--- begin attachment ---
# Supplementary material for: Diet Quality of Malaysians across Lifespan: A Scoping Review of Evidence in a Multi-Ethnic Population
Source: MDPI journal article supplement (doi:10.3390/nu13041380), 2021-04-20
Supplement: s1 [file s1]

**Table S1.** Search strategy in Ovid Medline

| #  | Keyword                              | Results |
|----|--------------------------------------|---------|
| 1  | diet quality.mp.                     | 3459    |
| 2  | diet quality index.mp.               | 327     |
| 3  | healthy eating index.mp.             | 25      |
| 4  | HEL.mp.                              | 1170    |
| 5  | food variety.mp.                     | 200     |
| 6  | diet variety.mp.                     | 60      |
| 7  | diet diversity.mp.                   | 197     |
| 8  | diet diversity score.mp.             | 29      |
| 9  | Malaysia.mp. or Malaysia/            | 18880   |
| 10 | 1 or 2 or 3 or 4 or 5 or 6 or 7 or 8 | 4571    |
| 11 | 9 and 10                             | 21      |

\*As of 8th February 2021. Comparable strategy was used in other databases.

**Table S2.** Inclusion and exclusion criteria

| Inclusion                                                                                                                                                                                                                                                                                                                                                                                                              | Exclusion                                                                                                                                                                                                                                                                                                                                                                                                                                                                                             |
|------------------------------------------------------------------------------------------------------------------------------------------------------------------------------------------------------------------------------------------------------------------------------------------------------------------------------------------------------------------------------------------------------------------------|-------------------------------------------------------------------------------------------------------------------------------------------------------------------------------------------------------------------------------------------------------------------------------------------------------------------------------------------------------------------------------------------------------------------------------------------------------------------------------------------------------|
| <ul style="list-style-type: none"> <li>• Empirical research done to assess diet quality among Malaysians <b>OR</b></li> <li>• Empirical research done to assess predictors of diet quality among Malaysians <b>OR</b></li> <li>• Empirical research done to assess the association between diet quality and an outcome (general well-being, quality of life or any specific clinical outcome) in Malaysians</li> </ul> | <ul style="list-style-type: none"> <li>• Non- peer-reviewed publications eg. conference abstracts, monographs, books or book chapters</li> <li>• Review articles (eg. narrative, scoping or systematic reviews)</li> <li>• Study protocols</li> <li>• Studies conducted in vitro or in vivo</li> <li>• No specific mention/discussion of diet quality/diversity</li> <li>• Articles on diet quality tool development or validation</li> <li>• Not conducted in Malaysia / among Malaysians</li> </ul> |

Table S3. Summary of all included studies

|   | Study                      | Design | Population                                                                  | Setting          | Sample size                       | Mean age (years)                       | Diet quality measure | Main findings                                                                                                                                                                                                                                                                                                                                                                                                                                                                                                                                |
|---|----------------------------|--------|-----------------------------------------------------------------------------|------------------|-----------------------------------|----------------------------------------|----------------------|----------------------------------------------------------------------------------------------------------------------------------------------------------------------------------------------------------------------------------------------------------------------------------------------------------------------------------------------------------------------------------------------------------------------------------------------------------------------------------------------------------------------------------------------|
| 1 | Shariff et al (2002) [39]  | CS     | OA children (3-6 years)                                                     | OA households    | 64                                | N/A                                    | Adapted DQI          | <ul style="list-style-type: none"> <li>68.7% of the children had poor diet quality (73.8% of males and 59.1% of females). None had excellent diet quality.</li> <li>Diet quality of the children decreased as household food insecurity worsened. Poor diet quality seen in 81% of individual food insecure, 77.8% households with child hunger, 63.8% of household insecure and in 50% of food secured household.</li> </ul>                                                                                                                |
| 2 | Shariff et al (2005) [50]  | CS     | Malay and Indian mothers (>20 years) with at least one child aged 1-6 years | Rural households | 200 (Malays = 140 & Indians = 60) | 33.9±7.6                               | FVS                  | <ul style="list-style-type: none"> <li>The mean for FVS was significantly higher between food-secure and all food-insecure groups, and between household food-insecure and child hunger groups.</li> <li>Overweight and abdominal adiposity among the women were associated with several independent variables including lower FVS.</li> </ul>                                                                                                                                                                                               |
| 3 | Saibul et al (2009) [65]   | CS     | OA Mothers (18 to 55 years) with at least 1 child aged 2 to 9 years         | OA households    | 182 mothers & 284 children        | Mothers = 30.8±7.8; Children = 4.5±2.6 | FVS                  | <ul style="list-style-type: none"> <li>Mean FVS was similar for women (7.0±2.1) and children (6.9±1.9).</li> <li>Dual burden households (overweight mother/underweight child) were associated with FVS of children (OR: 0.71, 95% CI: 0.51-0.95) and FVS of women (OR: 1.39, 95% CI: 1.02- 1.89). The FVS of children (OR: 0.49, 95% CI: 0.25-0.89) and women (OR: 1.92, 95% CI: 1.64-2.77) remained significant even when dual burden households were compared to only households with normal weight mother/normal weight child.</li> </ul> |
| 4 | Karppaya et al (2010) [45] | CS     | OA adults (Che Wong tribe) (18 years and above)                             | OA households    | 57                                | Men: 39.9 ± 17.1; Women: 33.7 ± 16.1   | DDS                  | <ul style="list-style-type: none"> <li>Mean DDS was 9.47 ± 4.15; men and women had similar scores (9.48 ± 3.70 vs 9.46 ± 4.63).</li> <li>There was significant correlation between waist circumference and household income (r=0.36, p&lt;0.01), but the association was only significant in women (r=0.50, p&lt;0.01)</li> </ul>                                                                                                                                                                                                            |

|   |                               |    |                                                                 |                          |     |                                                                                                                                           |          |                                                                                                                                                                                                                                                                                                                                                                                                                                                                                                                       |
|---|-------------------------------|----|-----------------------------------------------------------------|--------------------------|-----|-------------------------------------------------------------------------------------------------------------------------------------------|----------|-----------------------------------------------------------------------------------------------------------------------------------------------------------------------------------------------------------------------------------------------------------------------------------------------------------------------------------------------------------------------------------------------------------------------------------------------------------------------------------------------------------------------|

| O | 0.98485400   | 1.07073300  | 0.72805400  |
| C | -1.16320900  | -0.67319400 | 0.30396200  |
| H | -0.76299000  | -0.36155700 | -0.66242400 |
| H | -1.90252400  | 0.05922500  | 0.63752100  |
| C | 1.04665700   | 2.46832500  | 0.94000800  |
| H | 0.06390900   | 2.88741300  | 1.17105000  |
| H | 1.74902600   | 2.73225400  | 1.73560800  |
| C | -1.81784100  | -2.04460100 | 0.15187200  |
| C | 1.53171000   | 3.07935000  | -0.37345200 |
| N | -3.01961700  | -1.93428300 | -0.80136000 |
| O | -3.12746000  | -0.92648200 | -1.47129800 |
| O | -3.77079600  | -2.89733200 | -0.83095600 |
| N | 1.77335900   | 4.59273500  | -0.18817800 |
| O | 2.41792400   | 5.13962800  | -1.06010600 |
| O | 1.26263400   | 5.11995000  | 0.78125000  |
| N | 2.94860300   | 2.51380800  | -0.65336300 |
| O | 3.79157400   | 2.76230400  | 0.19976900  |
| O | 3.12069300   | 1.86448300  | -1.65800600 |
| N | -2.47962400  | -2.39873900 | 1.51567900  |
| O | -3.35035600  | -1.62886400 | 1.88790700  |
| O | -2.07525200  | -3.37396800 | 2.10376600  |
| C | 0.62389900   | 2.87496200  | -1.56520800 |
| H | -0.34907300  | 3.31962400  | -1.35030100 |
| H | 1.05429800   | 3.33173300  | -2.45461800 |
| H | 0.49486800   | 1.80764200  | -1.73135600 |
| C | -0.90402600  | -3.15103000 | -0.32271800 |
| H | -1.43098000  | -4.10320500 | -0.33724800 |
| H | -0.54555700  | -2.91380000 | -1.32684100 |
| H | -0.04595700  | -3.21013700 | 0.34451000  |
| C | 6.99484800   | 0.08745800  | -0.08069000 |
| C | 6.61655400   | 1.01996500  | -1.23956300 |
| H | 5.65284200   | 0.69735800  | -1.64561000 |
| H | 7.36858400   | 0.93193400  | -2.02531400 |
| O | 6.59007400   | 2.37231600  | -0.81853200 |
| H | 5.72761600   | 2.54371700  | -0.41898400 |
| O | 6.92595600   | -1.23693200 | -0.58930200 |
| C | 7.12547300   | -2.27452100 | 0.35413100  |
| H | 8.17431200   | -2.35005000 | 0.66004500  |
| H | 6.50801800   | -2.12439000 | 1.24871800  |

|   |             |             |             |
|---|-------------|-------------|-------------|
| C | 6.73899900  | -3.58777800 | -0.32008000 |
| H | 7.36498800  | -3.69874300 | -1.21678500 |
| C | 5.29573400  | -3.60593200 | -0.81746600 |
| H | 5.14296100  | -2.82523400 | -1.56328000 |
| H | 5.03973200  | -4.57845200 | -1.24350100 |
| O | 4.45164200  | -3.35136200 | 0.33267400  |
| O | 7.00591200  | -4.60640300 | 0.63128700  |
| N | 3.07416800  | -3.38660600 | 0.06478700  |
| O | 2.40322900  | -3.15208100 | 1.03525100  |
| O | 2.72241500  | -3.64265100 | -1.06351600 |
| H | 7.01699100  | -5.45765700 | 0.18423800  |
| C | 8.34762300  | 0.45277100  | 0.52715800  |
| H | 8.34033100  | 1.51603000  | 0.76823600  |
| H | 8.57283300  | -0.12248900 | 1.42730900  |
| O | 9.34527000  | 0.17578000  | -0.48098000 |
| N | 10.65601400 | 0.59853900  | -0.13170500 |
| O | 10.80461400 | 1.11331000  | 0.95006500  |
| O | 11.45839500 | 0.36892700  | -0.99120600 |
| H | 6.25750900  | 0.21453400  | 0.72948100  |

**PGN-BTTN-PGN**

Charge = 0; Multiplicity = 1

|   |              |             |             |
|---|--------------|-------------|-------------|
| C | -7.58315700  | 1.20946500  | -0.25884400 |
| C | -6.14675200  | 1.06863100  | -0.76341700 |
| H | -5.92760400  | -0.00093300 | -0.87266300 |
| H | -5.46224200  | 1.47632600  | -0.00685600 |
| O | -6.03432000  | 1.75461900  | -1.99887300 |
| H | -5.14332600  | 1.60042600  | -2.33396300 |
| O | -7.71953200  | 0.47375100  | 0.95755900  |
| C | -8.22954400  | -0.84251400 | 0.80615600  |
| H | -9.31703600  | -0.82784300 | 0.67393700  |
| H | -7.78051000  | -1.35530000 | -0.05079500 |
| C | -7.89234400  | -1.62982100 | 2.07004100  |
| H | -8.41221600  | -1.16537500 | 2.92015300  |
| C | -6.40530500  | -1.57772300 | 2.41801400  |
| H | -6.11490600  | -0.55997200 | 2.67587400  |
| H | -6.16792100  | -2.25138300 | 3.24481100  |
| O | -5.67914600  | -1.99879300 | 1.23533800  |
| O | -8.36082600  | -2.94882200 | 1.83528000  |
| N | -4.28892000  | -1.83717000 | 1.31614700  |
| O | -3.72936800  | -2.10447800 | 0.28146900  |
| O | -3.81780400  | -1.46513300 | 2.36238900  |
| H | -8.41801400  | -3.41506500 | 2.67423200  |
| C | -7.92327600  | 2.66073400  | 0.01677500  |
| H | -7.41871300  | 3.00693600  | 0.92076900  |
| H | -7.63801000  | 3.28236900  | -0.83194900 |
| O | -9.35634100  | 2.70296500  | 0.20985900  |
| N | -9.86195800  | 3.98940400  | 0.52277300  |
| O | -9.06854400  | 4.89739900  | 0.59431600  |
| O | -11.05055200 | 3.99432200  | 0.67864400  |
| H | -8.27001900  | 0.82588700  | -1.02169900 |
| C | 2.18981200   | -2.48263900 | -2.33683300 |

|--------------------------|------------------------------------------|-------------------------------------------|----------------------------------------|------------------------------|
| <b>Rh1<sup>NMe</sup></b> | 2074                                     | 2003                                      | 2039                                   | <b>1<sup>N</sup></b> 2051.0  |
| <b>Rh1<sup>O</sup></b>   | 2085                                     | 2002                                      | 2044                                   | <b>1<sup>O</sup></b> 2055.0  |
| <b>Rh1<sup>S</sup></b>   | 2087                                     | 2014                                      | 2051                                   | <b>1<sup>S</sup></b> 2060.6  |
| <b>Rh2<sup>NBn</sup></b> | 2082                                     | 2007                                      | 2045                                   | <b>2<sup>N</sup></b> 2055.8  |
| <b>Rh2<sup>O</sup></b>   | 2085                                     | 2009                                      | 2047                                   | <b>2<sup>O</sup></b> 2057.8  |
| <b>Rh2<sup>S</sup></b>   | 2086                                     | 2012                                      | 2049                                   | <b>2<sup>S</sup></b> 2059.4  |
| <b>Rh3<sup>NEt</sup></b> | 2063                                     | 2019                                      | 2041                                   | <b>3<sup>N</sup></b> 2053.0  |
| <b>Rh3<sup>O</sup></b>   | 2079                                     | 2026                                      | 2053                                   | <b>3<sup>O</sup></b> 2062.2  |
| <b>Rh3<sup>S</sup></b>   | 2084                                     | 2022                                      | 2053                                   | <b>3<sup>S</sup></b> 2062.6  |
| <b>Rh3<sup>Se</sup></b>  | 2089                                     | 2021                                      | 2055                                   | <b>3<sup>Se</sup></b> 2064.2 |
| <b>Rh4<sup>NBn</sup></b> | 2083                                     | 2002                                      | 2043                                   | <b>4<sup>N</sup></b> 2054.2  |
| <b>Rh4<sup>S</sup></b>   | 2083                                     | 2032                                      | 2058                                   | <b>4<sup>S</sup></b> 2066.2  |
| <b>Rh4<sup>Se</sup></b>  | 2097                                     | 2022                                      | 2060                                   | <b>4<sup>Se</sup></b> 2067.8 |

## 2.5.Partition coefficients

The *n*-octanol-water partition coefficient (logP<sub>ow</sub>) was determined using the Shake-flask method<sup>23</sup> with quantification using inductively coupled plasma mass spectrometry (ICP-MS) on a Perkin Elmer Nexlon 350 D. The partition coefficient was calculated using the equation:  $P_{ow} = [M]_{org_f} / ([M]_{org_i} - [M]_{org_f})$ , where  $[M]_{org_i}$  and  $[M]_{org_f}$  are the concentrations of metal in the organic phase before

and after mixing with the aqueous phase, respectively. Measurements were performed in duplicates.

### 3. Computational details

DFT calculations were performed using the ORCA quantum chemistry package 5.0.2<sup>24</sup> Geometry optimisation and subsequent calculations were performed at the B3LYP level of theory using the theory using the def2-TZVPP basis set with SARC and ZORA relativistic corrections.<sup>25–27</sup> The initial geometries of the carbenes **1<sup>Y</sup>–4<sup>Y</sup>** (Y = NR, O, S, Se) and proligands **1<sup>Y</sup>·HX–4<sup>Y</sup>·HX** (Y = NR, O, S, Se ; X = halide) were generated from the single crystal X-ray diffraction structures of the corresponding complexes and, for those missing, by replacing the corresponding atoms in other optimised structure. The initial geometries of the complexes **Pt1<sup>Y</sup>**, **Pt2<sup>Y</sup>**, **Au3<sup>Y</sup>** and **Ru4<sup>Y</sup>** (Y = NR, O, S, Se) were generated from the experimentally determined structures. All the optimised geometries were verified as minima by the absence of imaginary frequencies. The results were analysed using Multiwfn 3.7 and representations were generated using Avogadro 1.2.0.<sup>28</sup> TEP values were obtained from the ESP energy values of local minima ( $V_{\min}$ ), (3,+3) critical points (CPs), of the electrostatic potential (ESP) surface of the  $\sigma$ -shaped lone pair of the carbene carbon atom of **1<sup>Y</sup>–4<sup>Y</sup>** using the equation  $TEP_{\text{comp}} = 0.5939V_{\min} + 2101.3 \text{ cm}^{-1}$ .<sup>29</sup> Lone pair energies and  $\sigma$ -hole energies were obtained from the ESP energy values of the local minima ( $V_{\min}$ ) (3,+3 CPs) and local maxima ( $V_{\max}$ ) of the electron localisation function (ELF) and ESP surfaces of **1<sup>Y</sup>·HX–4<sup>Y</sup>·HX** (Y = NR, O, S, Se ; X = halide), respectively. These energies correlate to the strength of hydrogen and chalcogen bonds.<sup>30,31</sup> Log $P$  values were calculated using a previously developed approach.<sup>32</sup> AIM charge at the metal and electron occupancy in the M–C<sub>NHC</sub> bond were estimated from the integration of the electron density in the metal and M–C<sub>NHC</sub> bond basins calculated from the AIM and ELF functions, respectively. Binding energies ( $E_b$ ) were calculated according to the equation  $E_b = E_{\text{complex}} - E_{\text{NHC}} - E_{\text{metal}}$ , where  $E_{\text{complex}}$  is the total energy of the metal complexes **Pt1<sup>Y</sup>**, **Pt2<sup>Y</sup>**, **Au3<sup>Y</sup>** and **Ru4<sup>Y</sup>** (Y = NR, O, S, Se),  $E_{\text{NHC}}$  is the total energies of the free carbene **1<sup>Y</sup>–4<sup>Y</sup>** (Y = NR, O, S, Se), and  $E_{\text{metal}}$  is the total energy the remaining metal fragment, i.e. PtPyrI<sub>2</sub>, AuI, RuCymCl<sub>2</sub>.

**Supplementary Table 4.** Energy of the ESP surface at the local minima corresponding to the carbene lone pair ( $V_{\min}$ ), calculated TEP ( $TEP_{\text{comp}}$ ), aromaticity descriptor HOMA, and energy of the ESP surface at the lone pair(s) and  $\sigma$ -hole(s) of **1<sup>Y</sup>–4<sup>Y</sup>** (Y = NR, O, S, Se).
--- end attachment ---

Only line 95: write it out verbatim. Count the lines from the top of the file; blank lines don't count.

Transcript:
|---|--------------|-------------|-------------|